Legislation and Administration Addressing the Immigration Problem

There was no immigration legislation by the National Government until the year 1882. Before that time the regulation of immigration and the inspection of incoming immigrants was in the hands of the different States.

The history of legislation relative to immigration by both the State and Federal Governments may be roughly divided into four periods:

  1. From colonial times until 1835;
  2. The “Native American" and "Know-Nothing" period, 1835-1860;
  3. End of State control, 1861-1882;
  4. Period of national control, 1882 to the present time.

During the period, first mentioned immigration was taken as a matter of course. The only legislation enacted, and practically all that was proposed, was the law of 1819 for the regulation of the steerage passengers at sea. This law also for the first time provided that statistics relative to immigration to the United States be recorded.

Index to Essays on Immigration Laws and Legislation

  1. The "Native American" and "Know-Nothing" Movements
    The second period, from 1835 to 1860, is sharply defined by the so-called "Native American" and "Know-Nothing" movements were largely based on opposition to the immigration of Roman Catholics.
  2. State Legislation of Immigration Abandoned
    Although the national Government did not assume control of immigration until 1882, Congress in 1864 passed a law to encourage immigration. This law, which was repealed in 1868, represents the only attempt of the Government to promote immigration by direct legislation, altho the States have frequently made such attempts.
  3. State Control of Immigration Declared Unconstitutional
    The United States Supreme Court held that the New York act was not a regulation of commerce, but police; and, being so, it was in exercise of a power which rightfully belonged to the State.
  4. Control of Immigration by the Federal Government
    The above quoted case was decided by the Supreme Court, March 20, 1876, and on July 6 following, Senator Conkling and Representative Cox of New York introduced bills for the national regulation of immigration.
  5. The Immigration Law of 1882
    In his message of December 6, 1881, President Arthur called attention to the subject of immigration control and recommended supervisory legislation. On August 3, 1882, the first general immigration law was approved.
  6. The Investigations of 1893 Into Immigration Law
    Notwithstanding the new law, however, the question of immigration continued to receive attention in Congress, and was extensively agitated throughout the country, a strong movement for restriction being developed, owing to the industrial depression, 18g0-18g6, and the general curtailment of employment.
  7. The Immigration Law of 1907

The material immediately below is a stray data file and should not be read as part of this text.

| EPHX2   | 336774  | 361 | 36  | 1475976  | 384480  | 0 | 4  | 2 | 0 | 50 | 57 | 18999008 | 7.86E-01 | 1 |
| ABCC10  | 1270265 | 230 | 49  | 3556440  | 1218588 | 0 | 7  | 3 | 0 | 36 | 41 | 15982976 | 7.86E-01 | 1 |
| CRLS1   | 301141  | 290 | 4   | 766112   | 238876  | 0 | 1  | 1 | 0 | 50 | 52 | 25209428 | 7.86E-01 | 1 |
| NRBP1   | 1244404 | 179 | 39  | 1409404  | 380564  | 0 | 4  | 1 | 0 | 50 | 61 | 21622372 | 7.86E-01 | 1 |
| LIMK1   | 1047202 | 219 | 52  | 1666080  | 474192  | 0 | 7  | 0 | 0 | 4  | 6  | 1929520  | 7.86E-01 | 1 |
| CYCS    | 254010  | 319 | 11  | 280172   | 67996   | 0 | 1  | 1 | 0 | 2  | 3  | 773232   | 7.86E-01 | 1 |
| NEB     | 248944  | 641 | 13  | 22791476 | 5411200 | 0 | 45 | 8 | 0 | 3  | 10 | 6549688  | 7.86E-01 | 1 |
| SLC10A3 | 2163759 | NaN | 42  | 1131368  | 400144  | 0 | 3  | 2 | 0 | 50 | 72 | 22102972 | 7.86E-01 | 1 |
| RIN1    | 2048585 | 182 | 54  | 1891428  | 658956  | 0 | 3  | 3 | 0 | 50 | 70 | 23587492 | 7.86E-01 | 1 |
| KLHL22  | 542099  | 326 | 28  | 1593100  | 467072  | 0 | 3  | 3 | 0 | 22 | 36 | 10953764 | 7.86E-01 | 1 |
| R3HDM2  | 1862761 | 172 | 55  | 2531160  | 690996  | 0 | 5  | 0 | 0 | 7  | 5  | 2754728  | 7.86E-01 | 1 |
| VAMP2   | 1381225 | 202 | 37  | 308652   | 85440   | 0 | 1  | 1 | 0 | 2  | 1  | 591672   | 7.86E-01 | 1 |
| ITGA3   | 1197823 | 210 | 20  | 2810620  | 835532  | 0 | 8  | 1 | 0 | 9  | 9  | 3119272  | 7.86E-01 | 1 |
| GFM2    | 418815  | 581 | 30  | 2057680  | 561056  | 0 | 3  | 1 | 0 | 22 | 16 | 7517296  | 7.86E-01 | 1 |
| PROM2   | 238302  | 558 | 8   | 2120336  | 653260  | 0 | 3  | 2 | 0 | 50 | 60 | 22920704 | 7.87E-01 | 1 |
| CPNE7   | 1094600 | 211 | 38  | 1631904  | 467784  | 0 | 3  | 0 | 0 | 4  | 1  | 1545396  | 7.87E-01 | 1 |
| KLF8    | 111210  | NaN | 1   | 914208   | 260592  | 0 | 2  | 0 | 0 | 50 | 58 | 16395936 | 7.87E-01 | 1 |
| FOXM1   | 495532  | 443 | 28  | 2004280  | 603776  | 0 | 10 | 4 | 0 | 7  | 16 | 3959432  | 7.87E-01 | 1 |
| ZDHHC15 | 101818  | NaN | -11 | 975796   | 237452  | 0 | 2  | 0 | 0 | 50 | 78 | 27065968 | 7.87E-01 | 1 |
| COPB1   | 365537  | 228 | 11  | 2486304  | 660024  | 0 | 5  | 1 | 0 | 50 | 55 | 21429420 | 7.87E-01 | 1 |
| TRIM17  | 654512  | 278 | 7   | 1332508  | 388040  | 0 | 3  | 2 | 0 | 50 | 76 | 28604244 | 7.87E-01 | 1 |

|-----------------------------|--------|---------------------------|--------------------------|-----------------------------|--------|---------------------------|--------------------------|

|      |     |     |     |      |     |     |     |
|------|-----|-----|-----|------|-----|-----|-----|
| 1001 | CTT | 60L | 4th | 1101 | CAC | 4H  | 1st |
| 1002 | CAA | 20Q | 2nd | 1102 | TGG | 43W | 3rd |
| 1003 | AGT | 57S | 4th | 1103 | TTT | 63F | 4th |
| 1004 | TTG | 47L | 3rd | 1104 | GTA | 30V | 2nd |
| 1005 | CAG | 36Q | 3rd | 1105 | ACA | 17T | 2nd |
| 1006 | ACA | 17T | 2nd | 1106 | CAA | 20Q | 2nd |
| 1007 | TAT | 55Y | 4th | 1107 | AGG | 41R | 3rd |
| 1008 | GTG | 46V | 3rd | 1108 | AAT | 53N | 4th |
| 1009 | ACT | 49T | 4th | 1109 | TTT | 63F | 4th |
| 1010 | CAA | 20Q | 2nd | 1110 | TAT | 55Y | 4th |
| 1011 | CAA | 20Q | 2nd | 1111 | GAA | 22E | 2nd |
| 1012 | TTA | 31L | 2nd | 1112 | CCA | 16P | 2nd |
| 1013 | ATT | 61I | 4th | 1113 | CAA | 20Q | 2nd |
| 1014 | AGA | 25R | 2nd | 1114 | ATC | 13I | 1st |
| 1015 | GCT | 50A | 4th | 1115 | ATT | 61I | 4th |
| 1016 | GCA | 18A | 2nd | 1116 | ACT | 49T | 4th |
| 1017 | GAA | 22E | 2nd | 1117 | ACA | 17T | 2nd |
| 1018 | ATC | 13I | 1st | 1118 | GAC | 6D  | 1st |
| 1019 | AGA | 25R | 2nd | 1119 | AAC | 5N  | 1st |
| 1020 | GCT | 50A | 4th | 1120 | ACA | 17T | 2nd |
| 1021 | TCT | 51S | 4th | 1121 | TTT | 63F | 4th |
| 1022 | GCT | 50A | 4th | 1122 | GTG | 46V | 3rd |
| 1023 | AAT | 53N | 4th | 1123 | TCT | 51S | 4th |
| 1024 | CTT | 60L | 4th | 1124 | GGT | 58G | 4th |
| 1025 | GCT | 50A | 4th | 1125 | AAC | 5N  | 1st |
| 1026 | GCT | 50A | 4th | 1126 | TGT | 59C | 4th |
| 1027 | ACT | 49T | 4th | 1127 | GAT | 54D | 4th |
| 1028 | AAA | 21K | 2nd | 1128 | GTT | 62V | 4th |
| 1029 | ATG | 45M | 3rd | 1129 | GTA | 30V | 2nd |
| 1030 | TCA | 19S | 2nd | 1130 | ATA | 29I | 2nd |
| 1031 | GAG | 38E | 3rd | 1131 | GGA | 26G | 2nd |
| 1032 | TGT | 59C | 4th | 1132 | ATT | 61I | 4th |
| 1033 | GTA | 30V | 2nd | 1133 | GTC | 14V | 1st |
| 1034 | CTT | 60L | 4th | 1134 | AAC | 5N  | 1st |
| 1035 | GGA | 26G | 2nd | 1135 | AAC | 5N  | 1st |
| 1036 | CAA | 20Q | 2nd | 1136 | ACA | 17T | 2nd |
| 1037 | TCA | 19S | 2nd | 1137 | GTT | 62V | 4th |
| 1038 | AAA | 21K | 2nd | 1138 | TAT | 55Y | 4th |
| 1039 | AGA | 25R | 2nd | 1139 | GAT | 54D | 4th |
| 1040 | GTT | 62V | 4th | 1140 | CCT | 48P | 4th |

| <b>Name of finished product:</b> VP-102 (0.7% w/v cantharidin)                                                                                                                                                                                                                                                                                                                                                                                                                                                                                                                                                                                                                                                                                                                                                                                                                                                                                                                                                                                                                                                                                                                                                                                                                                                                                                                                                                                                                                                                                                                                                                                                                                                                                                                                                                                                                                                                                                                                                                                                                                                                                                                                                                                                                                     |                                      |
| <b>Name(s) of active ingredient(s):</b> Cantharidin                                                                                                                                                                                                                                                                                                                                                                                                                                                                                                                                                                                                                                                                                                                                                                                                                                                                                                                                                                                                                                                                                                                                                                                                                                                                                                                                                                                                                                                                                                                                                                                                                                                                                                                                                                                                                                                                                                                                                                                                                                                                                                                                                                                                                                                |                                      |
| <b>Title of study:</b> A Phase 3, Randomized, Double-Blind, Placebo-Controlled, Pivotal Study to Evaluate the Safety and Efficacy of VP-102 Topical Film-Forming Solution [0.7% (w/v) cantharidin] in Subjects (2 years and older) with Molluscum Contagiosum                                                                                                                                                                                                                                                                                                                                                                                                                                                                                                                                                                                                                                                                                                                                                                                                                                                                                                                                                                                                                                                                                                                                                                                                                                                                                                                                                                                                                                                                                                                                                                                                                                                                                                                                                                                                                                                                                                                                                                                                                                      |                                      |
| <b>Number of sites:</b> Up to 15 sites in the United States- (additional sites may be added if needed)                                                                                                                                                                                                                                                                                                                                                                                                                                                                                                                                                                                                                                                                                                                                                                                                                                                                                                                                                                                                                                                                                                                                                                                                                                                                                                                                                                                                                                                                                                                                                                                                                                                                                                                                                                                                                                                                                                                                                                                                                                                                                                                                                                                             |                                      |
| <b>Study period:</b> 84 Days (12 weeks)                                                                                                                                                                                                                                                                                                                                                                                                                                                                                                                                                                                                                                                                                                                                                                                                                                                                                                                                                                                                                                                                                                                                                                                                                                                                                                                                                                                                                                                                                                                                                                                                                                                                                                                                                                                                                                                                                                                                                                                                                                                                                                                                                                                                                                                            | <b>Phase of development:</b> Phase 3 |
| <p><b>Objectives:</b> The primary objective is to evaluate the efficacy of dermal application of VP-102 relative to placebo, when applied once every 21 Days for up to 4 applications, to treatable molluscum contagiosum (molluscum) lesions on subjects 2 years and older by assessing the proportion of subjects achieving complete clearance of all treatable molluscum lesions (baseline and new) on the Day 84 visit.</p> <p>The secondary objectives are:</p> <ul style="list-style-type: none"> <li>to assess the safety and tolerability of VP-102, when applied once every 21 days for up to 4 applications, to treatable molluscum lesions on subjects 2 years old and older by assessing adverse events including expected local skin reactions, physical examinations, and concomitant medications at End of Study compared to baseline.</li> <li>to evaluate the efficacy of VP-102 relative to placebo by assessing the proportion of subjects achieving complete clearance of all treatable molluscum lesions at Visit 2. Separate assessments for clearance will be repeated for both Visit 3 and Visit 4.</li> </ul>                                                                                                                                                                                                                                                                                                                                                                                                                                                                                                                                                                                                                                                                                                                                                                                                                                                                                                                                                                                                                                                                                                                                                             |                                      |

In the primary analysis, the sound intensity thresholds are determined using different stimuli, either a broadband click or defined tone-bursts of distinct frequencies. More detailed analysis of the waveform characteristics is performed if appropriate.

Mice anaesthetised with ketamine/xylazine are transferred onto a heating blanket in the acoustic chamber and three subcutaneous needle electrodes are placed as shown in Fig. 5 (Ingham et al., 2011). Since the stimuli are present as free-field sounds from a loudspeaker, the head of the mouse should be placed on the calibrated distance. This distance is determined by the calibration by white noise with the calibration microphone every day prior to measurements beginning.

Later this provision of law was utilized for the purpose of excluding Japanese and Korean laborers from the United States. This bill was approved February 20. 1907. and is the present law upon the subject of immigration.
  8. Legislation for the Suppression of the White-slave Traffic
    The agitation of the white-slave traffic in Congress also resulted in the enactment of a law prohibiting the importation of persons from one State to another for the purposes of prostitution, and punishing severely those engaged in the traffic.
  9. Chinese Immigration Laws and Treaties
    The first treaty in which emigration from China to the United States was considered was the Burlingame treaty, proclaimed July 28, 1868. Sections 5 and 6 of that treaty state the position of the United States respecting the rights of Chinese in this country.
  10. The Chinese Exclusion Law of 1902
    On the 16th of January, 1902, Senator Mitchell, of Oregon, introduced a bill to prohibit the coming of Chinese into the United States, and regulating their residence within her territories.
  11. The Chinese Exclusion Law of 1904
    Upon the refusal of China to continue the treaty of 1894 after 1904. on April 27, 1904, Congress again reenacted, extending and continuing without modification, limitation, or condition, all laws then in force in so far as they were not inconsistent with treaty obligations.
  12. Legislation Relative to Japanese Laborers
    During 1906 the question of Japanese immigration became acute, and the Pacific States demanded exclusion legislation for the Japanese of the same sort as existed for the Chinese. This was finally settled in the passport provision inserted in the immigration law of February 20, 1907
  13. The Administration of the Immigration Law
    The general administration and supervision of the immigration service has been placed by Congress in the hands of the Commissioner-General of Immigration. His official status is that of a bureau chief in the Department of Commerce and Labor. Final authority is, of course, vested in the Secretary of the Department.
  14. Difficulties of Administration of Immigration Law
    The enormous difficulties of a just, humane, and still strict enforcement of the law appear when one considers that at the port of New York sometimes 5,000 immigrants are admitted in one day; that it is impossible, in consequence, to give much time to each doubtful case; and that the cases themselves are often of extreme complexity, involving judgment of health, of character, of purpose, of future promise.

Excerpts from “The Immigration Problem” by Jeremiah W. Jenks, Ph.D., LL.D. and W. Jett Lauck, A.B., New York: Funk & Wagnalls Company, 1912

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